The stability of sulfuric acid solutions of these two intermediates offers certain operational advantages. For example, because of this stability the necessity of running step (b) immediately subsequent to the formation of the chloro-sulfonium bisulfate or of performing the nitration step immediately following the formation of the phenyl sulfonium bisulfate is obviated. Thus, on a commercial scale, this stability would allow operational difficulties such as a plant shutdown to be overcome without having to take special precautions to prevent the decomposition of the intermediates. For example, the chlorosulfonium bisulfate formed in the first step can be produced and stored if the preparation of the phenyl-sulfonium bisulfate is delayed for some reason. Similarly, the phenyl-sulfonium bisulfate can be produced and stored if for some reason the next step of the reaction sequence is temporarily held up. After facilities are ready again, the intermediates can be utilized in their respective reactions. These advantages are even more attractive in light of the fact that the sulfuric acid solutions of the chloro-sulfonium bisulfate and phenyl-sulfonium bisulfate do not have to be treated or isolated from the crude reaction mixture. It will be appreciated, however, that since the phenyl-sulfonium bisulfate solution is more stable at higher temperatures than the chloro-sulfonium bisulfate solution, it is preferable to prepare and store a sulfuric acid solution of the former rather than the latter in a situation which forces storage of one or the other.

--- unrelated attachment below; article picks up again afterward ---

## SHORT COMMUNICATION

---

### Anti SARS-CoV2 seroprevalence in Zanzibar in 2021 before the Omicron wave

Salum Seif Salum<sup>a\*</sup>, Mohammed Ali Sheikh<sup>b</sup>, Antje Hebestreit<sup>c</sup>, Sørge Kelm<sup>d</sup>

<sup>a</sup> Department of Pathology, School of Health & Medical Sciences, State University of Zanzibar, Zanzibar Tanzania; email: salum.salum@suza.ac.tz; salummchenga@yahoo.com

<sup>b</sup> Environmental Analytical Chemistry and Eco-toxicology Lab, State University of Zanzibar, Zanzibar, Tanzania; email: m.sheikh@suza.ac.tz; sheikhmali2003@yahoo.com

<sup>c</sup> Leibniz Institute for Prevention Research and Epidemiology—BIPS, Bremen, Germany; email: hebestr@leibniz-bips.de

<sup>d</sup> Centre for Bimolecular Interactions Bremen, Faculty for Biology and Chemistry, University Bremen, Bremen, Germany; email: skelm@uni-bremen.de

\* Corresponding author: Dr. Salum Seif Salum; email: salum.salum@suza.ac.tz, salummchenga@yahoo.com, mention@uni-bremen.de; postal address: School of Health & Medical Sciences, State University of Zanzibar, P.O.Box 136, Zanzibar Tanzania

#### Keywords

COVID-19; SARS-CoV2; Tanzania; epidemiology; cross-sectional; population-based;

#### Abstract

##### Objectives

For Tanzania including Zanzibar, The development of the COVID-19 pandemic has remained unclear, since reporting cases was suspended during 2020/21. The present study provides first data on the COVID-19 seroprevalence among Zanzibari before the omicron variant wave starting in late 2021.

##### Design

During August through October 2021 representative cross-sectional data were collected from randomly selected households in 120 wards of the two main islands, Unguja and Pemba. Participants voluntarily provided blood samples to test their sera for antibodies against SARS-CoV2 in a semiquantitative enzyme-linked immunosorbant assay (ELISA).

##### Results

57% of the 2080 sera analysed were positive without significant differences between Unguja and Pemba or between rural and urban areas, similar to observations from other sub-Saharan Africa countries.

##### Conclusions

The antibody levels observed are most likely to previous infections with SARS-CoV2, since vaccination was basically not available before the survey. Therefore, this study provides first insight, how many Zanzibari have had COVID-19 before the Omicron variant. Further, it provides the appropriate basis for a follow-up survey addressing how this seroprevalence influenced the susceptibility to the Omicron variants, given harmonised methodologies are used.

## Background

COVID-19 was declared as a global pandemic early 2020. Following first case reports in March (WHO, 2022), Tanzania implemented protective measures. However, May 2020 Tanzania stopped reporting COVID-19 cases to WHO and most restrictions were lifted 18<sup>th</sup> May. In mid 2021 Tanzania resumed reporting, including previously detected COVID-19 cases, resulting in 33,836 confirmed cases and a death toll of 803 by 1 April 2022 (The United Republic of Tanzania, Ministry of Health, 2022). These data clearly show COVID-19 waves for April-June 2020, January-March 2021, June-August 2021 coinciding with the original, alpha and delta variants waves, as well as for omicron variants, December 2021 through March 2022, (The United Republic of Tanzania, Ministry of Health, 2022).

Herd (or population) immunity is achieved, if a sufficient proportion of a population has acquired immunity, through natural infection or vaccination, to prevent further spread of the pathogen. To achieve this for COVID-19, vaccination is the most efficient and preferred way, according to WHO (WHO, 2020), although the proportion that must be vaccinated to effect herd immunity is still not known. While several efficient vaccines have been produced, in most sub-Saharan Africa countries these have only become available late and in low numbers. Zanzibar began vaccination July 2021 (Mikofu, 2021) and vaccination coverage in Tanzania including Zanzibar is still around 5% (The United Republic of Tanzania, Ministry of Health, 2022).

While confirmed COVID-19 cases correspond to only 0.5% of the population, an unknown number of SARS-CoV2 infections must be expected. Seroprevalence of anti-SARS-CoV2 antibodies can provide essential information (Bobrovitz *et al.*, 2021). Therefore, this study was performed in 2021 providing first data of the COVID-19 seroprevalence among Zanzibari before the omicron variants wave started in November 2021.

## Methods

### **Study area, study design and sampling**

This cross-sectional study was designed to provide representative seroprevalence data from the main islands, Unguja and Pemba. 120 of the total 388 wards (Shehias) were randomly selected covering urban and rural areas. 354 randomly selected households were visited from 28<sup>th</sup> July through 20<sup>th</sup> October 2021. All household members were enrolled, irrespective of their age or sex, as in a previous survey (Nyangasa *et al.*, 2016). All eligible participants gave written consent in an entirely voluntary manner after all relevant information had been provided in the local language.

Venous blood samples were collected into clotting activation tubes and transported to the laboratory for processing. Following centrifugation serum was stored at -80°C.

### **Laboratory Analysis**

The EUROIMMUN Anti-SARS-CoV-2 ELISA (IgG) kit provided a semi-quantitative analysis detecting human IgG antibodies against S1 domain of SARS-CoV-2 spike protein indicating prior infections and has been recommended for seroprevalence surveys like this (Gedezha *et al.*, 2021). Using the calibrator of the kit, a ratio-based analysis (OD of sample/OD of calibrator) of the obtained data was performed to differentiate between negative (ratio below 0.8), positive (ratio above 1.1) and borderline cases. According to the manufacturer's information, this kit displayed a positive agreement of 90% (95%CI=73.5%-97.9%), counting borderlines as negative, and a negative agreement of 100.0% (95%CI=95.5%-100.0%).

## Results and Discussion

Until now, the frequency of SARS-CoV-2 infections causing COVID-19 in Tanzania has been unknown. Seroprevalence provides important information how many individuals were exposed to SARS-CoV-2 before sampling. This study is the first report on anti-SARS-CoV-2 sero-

The evolution of hydrogen chloride gas in steps (a) and (b) of the process of this invention ofiers two advantages: (1) this gas is a readily available source of chloride ions which can be used in the decomposition step to effect the formation of the thioether; (2) since the gas is relatively insoluble in sulfuric acid, the evolution of the gas assists in the removal of heat from the reactions, effectively decreasing the exothermicity of the reactions.
DESCRIPTION OF THE PREFERRED EMBODIMENTS The process of this invention is carried out by first reacting an organic sulfide with chlorine in the presence of sulfuric acid to form a chloro-sulfonium bisulfate, which in turn is reacted with a hydroxyaryl compound (a phenol) to form a phenyl sulfonium. The phenyl sulfonium bisulfate is then decomposed by refluxing in water containing a halide ion to form a hydroxyaryl thioether. If a nitrated thioether is desired, the resulting mixture containing the phenyl sulfonium bisulfate is reacted with nitric acid and optionally additional sulfuric acid, and this resultant mixture then decomposed by refluxing in water containing halide ions.
Generally, the organic sulfides suitable for use in the first reaction of this process comprise those having the general formula RSR', wherein R and R are radicals selected from the group consisting of alkyl, halogenated alkyl, aryl, alkaryl, and aralkyl. Ilustrative of suitabe alkyl radicals are methy, ethyl, propyl, 'butyl, pentyl, hexyl, heptyl, decyl, dodecyl, pentadecyl, and substituted derivatives thereof, such as chloroethyl, chloropropyl and the like; of aryl radicals are phenyl, naphthyl and substituted derivatives thereof such as halophenyl and carbethoxyphenyl; of aralkyl radicals are benzyl, phenylethyl, and substituted derivatives thereof such as nitrophenylethyl; or alkaryl are methylphenyl, ethylphenyl, dimethylphenyl, butylphenyl and substituted derivatives thereof such as ethylbromophenyl. Especially suitable are dialkyl sulfides together containing from 2 to 10 carbon atoms such as dimethyl sulfide, diethyl sulfide, dipropyl sulfide, methyl ethyl sulfide, methyl octyl sulfide, ethyl propyl sulfide, and the like. The preferred organic thioether is dimethyl sulfide.
Chlorine can be added to the liquid reaction mixture as a liquid or a gas; preferably it is in the gaseous state.